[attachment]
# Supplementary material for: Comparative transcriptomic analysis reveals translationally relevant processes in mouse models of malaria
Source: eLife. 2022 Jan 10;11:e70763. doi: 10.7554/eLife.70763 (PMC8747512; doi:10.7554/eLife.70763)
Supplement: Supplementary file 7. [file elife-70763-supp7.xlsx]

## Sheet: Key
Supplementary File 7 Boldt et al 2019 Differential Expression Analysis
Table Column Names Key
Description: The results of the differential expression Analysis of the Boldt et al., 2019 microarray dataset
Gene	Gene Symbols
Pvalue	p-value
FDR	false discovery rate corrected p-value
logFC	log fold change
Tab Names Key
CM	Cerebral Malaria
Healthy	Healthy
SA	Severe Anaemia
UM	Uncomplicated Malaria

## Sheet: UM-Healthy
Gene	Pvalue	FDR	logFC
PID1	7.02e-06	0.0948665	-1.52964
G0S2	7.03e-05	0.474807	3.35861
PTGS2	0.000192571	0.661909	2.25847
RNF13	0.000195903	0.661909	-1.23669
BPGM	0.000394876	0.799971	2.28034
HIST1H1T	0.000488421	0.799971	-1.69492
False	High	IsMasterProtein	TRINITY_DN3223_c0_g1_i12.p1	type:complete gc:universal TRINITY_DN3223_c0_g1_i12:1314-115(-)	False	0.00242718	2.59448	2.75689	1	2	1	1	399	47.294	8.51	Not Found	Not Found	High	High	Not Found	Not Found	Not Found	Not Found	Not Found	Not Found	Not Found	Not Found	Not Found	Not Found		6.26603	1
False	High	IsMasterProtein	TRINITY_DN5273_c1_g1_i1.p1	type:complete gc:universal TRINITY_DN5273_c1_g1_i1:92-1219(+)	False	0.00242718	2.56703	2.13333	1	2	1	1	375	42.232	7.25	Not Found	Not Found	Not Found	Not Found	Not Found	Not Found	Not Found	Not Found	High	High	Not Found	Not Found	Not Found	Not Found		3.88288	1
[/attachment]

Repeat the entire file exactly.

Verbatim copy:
# Supplementary material for: Comparative transcriptomic analysis reveals translationally relevant processes in mouse models of malaria
Source: eLife. 2022 Jan 10;11:e70763. doi: 10.7554/eLife.70763 (PMC8747512; doi:10.7554/eLife.70763)
Supplement: Supplementary file 7. [file elife-70763-supp7.xlsx]

## Sheet: Key
Supplementary File 7 Boldt et al 2019 Differential Expression Analysis
Table Column Names Key
Description: The results of the differential expression Analysis of the Boldt et al., 2019 microarray dataset
Gene	Gene Symbols
Pvalue	p-value
FDR	false discovery rate corrected p-value
logFC	log fold change
Tab Names Key
CM	Cerebral Malaria
Healthy	Healthy
SA	Severe Anaemia
UM	Uncomplicated Malaria

## Sheet: UM-Healthy
Gene	Pvalue	FDR	logFC
PID1	7.02e-06	0.0948665	-1.52964
G0S2	7.03e-05	0.474807	3.35861
PTGS2	0.000192571	0.661909	2.25847
RNF13	0.000195903	0.661909	-1.23669
BPGM	0.000394876	0.799971	2.28034
HIST1H1T	0.000488421	0.799971	-1.69492
False	High	IsMasterProtein	TRINITY_DN3223_c0_g1_i12.p1	type:complete gc:universal TRINITY_DN3223_c0_g1_i12:1314-115(-)	False	0.00242718	2.59448	2.75689	1	2	1	1	399	47.294	8.51	Not Found	Not Found	High	High	Not Found	Not Found	Not Found	Not Found	Not Found	Not Found	Not Found	Not Found	Not Found	Not Found		6.26603	1
False	High	IsMasterProtein	TRINITY_DN5273_c1_g1_i1.p1	type:complete gc:universal TRINITY_DN5273_c1_g1_i1:92-1219(+)	False	0.00242718	2.56703	2.13333	1	2	1	1	375	42.232	7.25	Not Found	Not Found	Not Found	Not Found	Not Found	Not Found	Not Found	Not Found	High	High	Not Found	Not Found	Not Found	Not Found		3.88288	1